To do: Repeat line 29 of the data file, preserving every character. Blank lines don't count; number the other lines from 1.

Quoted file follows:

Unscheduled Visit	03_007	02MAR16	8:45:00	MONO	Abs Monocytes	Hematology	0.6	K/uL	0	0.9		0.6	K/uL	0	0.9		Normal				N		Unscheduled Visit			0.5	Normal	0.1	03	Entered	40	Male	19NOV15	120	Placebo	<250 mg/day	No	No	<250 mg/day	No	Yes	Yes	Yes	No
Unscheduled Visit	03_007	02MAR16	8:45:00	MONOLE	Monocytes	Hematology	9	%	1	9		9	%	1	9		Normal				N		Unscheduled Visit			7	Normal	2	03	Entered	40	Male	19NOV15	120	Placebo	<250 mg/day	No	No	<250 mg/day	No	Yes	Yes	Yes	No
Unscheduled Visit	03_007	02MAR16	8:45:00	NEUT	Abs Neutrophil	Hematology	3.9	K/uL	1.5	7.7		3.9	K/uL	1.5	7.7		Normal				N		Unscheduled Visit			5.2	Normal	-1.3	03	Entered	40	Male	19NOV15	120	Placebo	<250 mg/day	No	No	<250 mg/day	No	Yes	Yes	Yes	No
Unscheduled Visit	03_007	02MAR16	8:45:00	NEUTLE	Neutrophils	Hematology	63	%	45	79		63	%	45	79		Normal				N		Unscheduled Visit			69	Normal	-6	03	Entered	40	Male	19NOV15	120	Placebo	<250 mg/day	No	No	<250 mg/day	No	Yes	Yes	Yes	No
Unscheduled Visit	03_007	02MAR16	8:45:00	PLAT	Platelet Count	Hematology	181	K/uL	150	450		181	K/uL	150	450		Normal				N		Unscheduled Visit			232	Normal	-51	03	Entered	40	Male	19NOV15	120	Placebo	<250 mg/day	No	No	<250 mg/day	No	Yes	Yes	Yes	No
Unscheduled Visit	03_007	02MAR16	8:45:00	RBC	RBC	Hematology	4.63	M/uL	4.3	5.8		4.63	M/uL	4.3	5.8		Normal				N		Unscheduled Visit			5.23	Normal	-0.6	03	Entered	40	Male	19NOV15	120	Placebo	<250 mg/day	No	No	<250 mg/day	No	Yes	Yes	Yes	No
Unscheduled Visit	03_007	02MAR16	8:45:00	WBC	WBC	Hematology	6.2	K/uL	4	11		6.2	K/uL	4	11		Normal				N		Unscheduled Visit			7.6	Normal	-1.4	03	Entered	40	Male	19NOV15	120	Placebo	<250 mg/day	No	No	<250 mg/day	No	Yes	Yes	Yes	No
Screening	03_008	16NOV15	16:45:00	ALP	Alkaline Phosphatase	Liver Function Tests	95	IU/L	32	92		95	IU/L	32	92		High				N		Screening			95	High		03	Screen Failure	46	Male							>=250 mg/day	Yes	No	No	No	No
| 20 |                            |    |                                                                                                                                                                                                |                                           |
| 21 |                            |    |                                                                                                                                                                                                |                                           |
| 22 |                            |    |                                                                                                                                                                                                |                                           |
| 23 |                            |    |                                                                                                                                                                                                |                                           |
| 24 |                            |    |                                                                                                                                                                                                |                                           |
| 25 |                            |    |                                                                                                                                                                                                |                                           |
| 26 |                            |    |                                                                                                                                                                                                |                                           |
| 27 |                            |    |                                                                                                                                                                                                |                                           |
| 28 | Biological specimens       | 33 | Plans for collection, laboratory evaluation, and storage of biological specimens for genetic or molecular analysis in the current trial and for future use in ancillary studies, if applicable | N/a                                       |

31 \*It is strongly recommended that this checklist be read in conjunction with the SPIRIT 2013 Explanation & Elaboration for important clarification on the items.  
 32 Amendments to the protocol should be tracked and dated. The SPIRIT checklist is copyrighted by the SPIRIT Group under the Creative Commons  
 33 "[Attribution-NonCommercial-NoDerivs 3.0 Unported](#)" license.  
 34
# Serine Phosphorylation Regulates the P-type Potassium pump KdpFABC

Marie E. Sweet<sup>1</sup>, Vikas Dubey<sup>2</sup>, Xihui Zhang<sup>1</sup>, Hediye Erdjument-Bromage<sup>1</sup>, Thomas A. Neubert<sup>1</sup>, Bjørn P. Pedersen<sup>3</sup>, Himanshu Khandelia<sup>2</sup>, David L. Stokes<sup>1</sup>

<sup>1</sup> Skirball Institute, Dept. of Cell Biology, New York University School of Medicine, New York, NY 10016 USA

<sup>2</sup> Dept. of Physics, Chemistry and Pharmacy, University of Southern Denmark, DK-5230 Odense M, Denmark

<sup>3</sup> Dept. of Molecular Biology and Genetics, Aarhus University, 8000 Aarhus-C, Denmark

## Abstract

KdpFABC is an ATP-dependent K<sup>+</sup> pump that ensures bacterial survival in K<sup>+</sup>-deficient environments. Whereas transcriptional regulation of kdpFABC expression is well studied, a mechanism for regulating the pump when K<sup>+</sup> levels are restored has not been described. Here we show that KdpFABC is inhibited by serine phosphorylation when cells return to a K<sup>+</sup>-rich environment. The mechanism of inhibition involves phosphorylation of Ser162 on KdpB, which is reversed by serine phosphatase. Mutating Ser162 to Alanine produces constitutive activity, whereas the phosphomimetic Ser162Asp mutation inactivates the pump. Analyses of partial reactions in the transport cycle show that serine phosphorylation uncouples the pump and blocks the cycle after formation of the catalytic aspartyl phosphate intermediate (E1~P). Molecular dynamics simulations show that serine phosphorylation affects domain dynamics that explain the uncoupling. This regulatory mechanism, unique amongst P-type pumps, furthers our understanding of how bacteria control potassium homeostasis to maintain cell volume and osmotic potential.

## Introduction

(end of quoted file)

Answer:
## Introduction